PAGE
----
Broad Street Station (Philadelphia)
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Broad Street Station at Broad & Market Streets was the primary passenger terminal for the Pennsylvania Railroad (PRR) in Philadelphia from early December 1881  to the 1950s. Located directly west of Philadelphia City Hall – 15th Street went underneath the station – the site is now occupied by the northwest section of Dilworth Park and the office towers of Penn Center.
|Former Pennsylvania Railroad station|
Broad Street Station, Philadelphia, in an 1890s-era photograph by William H. Rau. When completed in 1893, the expanded station was the largest passenger terminal in the world. The original 1881 section is at far right.
|Location||16th Street & JFK Boulevard|
|Owned by||Pennsylvania Railroad|
|Closed||September 28, 1930 (demolished 1950s)|
|Rebuilt||as Suburban Station|
The original station was designed by Wilson Brothers & Company under authority of the old Philadelphia, Wilmington and Baltimore Railroad (established 1836 from merger of four smaller segment lines dating to 1831, running southwest to Baltimore and its President Street Station which had just been purchased by the Pennsylvania Railroad assuming control) in the same year of completion in 1881. It was one of the first steel-framed buildings in the United States to use masonry not as structure, but as a curtain wall (as modern-designed skyscrapers do). Initially, trains arrived via elevated tracks built above Filbert Street. By 1885 the land between the station and the Schuylkill River had been purchased and cleared, and a 9-block viaduct constructed.
Broad Street Station was dramatically expanded by renowned Philadelphia architect Frank Furness, 1892-93. Wilson Brothers designed a new train shed (1892), that was constructed high over the existing sheds, which were subsequently demolished. The new shed had the largest single span of any station roof in the world - 306 ft (91 m). In 1894 the PRR moved its headquarters from Fourth Street to the office building above the station. In the 1930s PRR headquarters moved to the newly-built Suburban Station Building at 1600 Filbert Street (now John F. Kennedy Boulevard). The train shed suffered a massive 1923 fire, and was demolished. The station itself was demolished in 1953, a year after train service to it had ceased.
Location and servicesEdit
Broad Street Station dominated the center of the city. Trains would leave the station two stories above street level on a viaduct known as the "Chinese Wall" and run west to cross the Schuylkill River on tracks that bisected the western half of Center City Philadelphia. Fifteenth Street ran beneath the station's lobby, and the numbered streets up to 24th ran beneath the viaduct. John F. Kennedy Boulevard traces a similar path today.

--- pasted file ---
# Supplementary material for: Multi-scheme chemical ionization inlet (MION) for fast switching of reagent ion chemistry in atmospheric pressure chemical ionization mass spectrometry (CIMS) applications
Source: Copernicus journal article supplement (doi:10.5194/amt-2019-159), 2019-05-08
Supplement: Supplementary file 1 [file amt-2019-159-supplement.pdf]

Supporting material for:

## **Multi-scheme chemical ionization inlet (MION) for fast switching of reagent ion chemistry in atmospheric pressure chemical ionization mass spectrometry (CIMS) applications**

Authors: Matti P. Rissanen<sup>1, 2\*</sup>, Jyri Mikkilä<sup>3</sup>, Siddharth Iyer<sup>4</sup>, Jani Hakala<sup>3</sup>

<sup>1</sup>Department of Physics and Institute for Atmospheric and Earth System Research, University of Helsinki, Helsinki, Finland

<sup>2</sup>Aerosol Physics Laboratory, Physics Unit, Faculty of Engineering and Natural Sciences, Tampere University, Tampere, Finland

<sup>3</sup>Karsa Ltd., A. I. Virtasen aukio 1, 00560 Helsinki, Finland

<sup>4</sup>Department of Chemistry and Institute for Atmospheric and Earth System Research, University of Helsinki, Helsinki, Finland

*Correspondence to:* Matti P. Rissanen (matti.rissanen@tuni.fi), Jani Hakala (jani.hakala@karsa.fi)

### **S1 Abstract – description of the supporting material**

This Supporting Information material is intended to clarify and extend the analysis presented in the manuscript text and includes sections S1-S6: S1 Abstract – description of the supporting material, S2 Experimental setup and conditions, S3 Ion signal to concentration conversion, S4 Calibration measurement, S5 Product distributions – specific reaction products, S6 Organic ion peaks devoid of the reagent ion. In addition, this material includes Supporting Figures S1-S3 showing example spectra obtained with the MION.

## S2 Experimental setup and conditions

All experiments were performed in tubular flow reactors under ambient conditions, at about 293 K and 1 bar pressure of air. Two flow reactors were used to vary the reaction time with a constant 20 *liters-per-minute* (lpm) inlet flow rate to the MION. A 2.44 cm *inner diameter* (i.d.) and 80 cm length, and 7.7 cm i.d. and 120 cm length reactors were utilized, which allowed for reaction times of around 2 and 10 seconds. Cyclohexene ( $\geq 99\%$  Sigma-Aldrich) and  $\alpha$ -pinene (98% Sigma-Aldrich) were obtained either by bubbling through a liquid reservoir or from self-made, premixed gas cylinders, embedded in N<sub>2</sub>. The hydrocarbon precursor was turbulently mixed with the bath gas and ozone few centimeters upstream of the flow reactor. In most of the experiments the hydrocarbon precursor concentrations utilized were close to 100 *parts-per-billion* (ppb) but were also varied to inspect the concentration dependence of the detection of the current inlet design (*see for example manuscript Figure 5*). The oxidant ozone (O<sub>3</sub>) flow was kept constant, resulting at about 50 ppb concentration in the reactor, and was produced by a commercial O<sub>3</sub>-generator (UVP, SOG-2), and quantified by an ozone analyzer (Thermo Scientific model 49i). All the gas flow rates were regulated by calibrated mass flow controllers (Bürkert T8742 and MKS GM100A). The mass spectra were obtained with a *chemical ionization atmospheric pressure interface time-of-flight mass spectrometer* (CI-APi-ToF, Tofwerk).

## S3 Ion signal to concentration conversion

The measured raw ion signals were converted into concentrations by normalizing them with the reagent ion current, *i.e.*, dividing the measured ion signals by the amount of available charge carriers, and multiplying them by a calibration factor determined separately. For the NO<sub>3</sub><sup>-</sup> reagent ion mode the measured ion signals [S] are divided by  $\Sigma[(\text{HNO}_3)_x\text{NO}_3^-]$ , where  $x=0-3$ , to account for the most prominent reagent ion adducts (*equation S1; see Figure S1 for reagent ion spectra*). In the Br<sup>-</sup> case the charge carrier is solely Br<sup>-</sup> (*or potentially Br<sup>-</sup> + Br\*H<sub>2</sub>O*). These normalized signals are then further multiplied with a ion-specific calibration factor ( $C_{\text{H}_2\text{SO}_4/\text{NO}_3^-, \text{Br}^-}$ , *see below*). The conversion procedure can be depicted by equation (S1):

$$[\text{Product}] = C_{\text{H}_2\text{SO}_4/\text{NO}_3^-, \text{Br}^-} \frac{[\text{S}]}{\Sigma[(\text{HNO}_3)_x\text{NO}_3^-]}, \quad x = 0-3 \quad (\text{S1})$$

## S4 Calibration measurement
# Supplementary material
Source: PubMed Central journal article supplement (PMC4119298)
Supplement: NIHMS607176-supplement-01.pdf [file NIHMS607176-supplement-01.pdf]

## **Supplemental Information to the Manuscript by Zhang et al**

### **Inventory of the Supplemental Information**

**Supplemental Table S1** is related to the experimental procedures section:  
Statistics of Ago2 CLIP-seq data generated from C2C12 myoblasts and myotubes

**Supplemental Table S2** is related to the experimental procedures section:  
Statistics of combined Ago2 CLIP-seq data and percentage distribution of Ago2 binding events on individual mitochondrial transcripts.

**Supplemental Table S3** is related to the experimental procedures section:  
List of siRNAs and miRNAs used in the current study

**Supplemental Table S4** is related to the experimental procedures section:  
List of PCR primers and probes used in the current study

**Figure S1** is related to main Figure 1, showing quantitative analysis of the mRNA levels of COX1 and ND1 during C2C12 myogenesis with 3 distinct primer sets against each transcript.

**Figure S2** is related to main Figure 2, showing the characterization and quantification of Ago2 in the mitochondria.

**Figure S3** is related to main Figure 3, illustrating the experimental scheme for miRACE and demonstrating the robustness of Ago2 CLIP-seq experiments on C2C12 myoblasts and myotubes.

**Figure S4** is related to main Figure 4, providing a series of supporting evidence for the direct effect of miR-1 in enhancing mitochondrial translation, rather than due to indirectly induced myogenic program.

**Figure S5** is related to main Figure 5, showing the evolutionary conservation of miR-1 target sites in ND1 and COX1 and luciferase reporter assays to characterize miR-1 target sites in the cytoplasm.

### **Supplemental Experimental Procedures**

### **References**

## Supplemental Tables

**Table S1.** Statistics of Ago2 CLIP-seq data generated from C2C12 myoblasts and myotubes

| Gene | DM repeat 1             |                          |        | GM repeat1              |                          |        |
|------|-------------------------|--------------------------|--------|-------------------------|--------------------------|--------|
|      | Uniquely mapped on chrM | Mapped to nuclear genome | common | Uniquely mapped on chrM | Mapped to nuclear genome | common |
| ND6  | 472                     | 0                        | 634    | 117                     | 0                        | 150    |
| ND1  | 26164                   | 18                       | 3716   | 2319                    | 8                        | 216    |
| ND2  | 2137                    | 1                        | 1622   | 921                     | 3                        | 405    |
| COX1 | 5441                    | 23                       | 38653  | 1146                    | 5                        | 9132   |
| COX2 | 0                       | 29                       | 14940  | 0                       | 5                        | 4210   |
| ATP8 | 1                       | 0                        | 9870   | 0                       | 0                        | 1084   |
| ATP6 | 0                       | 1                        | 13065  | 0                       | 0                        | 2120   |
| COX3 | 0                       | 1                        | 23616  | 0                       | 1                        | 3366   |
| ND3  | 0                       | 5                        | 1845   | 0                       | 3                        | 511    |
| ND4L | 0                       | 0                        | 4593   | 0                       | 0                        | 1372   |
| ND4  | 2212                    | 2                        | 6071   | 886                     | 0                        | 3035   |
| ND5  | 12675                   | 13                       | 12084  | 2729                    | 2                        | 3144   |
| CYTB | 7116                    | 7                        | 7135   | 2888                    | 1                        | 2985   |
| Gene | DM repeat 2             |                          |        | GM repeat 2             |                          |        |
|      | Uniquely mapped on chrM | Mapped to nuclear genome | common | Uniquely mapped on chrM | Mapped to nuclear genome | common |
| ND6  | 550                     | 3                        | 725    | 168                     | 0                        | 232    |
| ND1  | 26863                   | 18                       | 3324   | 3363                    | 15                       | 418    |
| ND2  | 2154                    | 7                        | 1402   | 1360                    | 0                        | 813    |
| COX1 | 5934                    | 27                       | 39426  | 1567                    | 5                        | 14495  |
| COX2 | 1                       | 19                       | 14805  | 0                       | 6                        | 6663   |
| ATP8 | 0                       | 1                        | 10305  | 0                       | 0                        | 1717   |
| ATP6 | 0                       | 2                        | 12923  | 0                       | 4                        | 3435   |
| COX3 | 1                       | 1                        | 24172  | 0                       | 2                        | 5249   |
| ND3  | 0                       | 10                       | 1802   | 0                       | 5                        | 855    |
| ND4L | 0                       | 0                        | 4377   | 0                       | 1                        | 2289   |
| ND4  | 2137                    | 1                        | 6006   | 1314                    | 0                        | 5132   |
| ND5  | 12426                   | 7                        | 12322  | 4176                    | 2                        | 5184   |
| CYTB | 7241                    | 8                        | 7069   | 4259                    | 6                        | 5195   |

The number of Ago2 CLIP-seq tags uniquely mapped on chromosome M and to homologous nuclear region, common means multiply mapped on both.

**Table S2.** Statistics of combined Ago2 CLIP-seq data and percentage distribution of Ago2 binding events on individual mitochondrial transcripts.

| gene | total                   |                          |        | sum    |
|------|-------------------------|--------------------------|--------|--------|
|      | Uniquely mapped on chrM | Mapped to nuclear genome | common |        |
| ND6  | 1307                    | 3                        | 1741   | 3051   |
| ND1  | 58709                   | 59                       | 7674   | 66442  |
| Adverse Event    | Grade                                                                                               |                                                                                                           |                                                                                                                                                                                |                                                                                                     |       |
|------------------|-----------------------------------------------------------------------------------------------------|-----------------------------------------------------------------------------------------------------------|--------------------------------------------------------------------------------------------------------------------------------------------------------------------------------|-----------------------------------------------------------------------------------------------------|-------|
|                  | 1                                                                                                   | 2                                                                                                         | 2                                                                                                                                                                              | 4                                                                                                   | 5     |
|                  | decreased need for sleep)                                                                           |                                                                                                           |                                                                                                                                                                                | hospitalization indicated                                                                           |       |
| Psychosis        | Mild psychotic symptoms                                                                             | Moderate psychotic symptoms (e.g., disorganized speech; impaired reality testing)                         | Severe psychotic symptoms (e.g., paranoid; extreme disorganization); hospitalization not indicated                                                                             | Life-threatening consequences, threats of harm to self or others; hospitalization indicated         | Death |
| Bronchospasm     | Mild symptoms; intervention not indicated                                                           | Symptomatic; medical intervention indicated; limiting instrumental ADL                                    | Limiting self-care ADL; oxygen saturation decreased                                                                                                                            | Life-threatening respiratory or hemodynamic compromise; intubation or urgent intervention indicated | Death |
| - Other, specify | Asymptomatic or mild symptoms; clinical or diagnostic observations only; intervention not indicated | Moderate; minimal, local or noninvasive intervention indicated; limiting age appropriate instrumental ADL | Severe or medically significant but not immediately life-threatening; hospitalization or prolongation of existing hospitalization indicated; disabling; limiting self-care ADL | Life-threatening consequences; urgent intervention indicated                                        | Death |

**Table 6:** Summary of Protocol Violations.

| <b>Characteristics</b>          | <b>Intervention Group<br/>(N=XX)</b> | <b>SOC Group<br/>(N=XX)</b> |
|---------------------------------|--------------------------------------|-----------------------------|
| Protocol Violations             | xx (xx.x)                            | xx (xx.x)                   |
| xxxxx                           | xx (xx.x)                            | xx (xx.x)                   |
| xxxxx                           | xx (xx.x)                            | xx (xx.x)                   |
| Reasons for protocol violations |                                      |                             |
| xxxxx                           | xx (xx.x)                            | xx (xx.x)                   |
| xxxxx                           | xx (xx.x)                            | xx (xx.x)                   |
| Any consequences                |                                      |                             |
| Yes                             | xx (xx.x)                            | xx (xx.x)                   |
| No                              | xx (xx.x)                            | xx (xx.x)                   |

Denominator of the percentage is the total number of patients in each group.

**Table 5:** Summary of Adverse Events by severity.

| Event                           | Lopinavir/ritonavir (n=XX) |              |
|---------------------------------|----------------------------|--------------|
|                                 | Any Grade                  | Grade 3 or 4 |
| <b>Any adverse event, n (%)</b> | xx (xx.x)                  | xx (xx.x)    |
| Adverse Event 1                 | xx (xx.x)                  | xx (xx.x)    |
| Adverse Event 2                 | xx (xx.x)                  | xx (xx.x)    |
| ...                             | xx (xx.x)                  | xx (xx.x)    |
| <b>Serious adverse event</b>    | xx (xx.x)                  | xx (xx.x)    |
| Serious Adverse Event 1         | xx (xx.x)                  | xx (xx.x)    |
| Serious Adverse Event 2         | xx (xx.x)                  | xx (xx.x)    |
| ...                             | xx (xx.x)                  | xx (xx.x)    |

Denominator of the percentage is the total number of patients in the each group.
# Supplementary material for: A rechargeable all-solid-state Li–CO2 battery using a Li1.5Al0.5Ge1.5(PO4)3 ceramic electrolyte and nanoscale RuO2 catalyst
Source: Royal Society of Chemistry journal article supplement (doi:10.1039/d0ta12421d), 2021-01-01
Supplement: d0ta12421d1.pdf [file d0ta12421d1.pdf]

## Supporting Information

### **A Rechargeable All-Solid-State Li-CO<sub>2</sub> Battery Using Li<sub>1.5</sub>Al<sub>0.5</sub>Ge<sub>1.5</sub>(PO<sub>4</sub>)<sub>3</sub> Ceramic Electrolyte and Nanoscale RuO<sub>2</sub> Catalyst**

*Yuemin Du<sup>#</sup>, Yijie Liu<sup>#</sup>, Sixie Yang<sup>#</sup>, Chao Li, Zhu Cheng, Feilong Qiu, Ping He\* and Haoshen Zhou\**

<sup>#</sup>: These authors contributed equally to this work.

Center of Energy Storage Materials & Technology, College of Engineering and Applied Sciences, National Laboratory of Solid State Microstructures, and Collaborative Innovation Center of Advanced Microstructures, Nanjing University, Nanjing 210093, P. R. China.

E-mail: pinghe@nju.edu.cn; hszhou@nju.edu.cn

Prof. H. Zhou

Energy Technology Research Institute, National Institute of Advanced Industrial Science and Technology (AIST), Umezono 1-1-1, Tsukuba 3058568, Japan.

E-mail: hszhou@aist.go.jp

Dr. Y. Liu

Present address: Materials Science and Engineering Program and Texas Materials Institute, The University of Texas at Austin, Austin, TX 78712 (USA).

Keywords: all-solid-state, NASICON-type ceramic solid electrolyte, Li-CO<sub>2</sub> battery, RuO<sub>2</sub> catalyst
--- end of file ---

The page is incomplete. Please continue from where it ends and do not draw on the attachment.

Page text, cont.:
The station was renowned for its architecture but cursed for inundating the heart of the city with the smoke and noise of the day's steam locomotives. The Chinese Wall also made Center City north of the station unfashionable, as the area was cut off from the rest of downtown. Passengers arriving at Broad Street Station could make connections to the rest of the city on the numerous trolley lines on Market Street and 15th Street, or on Philadelphia's east-west Market-Frankford Subway-Elevated Line (beginning in 1907) or the north-south Broad Street Subway starting in 1928. The latter two were heavy rail lines that crossed under City Hall.
Leaving Broad Street Station, passengers would first arrive at West Philadelphia Station at 32nd and Market Streets on the west side of the Schuylkill, which in 1933 was replaced by 30th Street Station. The lines then split in three directions:
- Trains heading west toward Harrisburg would take the PRR line to 40th Street Station, 52nd Street Station, and Overbrook Station. Trains heading northwest along the Schuylkill would split from this line after 52nd Street toward the stations at Wynnefield Avenue and Cynwyd.
- Trains heading north toward New York City or east across the Delaware River to New Jersey would run through North Philadelphia, North Penn Junction, and Frankford Junction stations, before splitting off.
- Trains heading south would take the Baltimore & Washington RR Central Division line through Angora.
The architecture of Broad Street Station was typical of Furness's buildings in central Philadelphia in the last quarter of the nineteenth century. Furness's structure looked much like a web of Gothic spires and arched windows, with considerable modification from their medieval sources. His work expanded on a similar structure originally constructed by the Wilson Brothers & Company a mere decade before. Furness's windows were often rounded and did not use pointed chancels.